Harold Daggett isn’t saying so, but the International Longshoremen’s Association president seems to have opened the door for a second ILA contract extension.
That’s how I interpret the latest twist in eight months of negotiations of a Maine-to-Texas dockworker contract between the ILA and United States Maritime Alliance.
A small group of ILA and USMX representatives will meet next Tuesday to discuss container royalties. Daggett said that if those talks work out well, he’s prepared to call off a threatened year-end strike. He didn’t mention an extension, but if the strike threat is called off, it seems likely the Dec. 29 deadline could be pushed into January.
Daggett’s statement about Tuesday’s meetings capped three days of contentious bargaining with USMX representatives in Delray Beach, Fla., this week. “We did a lot of yelling and screaming, and got a lot off our chests,” Daggett said, in what others described as a rare understatement by the ILA president.
Before the initial session with USMX, Daggett won authorization from the ILA’s 200-member wage scale committee to call a strike if a deal isn’t reached when a 90-day contract extension expires on Dec. 29. The delegates’ vote was designed to bolster the ILA president’s negotiating stance and ratchet up pressure on employers.
USMX is resisting the pressure. In contrast to some previous negotiations, container ship lines and other employers this year seem determined to achieve productivity gains and rein in costs. Many USMX carriers are the same ones that took an eight-day strike this month by the International Longshore and Warehouse Union’s Office Clerical Unit on the West Coast.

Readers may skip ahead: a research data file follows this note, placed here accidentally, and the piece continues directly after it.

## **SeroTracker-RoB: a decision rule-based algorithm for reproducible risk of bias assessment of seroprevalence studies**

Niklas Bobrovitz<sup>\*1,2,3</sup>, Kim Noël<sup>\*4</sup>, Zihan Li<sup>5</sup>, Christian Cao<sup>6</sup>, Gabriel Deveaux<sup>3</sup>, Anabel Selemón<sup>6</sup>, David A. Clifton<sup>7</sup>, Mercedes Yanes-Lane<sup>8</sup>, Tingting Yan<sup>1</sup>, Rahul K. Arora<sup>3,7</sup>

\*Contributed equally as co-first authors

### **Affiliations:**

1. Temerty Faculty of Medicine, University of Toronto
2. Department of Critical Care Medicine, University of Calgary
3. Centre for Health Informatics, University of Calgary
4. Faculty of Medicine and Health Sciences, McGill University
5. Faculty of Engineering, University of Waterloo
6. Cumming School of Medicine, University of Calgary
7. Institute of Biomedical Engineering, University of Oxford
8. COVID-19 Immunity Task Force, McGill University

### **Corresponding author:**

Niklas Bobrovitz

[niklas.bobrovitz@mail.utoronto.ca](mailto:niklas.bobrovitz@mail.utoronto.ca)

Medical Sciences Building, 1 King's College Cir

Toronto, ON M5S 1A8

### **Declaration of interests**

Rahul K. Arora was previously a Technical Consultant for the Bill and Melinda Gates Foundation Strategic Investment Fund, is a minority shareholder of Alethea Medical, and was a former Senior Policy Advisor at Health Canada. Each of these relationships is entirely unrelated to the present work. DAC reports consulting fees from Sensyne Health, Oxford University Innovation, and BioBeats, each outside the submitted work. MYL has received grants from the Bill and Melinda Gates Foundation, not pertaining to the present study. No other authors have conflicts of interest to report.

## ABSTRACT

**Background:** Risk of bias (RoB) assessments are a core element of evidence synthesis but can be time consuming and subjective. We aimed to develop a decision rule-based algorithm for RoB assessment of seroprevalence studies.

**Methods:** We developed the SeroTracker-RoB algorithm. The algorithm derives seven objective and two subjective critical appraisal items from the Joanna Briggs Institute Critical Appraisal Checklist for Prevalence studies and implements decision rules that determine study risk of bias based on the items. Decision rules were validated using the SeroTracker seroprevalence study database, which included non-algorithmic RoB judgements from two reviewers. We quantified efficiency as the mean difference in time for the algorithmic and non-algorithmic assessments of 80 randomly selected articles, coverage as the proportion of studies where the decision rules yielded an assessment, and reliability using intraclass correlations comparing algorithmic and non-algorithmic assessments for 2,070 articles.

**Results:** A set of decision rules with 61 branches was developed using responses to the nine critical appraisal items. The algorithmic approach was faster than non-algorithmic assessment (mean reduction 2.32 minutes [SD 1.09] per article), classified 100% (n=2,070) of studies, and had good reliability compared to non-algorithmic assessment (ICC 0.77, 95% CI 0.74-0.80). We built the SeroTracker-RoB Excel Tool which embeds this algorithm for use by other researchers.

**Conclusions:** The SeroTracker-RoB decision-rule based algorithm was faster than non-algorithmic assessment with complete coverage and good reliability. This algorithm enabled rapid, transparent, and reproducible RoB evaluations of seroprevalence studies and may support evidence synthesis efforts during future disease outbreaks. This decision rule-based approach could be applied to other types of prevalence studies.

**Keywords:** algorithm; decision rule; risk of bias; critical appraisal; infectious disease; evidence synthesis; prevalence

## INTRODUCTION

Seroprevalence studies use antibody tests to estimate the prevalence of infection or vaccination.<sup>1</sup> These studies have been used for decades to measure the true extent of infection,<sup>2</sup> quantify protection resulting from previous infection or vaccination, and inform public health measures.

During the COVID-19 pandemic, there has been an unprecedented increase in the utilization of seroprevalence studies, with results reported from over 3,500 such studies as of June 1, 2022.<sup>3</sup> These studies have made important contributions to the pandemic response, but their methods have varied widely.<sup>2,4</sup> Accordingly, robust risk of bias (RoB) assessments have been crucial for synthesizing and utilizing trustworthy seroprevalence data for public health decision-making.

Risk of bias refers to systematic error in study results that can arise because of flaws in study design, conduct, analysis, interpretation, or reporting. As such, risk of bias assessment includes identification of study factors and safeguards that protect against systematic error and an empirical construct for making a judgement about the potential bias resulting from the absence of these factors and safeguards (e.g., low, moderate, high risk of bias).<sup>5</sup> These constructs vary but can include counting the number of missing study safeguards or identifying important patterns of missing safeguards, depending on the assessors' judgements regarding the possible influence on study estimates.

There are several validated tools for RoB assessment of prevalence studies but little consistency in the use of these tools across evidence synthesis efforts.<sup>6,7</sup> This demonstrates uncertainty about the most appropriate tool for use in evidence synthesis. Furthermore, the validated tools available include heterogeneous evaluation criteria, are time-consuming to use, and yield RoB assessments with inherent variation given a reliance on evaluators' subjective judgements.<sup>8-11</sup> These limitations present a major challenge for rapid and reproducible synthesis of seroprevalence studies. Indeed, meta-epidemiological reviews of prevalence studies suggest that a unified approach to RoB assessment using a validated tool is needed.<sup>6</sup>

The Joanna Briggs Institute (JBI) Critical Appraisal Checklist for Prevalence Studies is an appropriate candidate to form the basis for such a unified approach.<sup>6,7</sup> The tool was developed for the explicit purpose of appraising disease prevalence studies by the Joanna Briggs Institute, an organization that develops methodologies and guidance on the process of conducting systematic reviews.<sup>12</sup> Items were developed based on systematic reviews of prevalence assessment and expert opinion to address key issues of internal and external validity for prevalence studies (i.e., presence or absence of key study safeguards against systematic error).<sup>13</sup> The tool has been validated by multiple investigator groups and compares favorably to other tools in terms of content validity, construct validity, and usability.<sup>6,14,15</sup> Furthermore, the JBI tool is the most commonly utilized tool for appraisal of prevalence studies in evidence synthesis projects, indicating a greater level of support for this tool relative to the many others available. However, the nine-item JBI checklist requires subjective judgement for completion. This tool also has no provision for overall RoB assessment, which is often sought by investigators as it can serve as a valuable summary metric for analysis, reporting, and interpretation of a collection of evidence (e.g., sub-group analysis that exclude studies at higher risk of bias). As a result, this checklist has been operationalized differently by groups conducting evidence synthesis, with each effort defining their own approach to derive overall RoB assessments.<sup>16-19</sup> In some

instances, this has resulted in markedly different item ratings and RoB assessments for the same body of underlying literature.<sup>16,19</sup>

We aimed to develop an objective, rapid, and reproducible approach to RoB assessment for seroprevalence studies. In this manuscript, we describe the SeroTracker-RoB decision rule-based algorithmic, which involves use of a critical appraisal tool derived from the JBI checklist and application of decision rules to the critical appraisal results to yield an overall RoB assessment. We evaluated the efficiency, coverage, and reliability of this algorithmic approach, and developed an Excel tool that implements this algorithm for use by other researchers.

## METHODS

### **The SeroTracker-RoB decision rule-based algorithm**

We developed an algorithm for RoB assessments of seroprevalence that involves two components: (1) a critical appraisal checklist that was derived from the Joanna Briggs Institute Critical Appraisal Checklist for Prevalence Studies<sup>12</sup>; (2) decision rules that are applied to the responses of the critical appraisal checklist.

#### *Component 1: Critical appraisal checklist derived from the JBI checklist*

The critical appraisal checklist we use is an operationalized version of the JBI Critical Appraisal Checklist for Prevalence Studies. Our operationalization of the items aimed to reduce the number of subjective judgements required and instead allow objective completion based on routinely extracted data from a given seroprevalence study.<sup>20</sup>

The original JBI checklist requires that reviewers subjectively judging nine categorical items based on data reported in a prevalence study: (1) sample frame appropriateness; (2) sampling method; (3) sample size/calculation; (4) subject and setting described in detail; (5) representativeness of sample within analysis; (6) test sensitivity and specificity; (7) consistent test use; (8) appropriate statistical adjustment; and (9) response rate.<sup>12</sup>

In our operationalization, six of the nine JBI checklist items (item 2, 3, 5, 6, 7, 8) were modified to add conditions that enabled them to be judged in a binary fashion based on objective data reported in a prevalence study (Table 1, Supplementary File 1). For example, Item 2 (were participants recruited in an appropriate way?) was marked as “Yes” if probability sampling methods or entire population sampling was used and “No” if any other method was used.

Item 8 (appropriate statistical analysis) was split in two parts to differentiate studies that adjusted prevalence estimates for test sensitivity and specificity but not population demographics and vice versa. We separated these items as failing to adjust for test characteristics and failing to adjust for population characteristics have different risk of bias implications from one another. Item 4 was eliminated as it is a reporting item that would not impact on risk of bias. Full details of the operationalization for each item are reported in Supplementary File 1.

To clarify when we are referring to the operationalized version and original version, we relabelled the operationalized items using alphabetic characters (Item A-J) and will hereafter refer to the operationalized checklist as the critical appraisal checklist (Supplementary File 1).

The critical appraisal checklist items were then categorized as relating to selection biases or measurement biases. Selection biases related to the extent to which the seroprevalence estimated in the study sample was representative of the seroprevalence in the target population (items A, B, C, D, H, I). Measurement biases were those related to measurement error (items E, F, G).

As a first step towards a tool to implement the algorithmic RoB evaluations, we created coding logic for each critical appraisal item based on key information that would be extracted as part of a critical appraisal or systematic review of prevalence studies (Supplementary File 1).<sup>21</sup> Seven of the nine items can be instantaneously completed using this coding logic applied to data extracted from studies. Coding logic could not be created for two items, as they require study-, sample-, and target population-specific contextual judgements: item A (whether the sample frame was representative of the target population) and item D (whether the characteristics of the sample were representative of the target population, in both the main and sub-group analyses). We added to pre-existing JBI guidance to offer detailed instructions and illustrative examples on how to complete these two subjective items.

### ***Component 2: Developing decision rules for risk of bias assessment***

It will be interesting to see how the ILA and USMX address container royalties, an issue that’s difficult to consider in isolation. Annual royalty checks, financed by carriers’ per-ton payments on containerized cargo, are just one facet of a complex ILA wage-benefit package. If container lines are too generous with royalties, the carriers must make it up somewhere else. If the union makes concessions on royalties, it will seek offsetting gains.
That’s give and take, something that’s been in short supply in these negotiations. For weeks after their 90-day extension in September, the ILA and USMX made little apparent progress. It wasn’t until this week that the ILA, prodded by a federal mediator, fleshed out its general demands with specific contract proposals.
But now the two sides finally seem to have gotten down to business. If next week’s meeting can produce movement on the royalty issue, don’t be surprised if they agree to another short-term extension. Negotiators still have lots left to do, and little time before Dec. 29.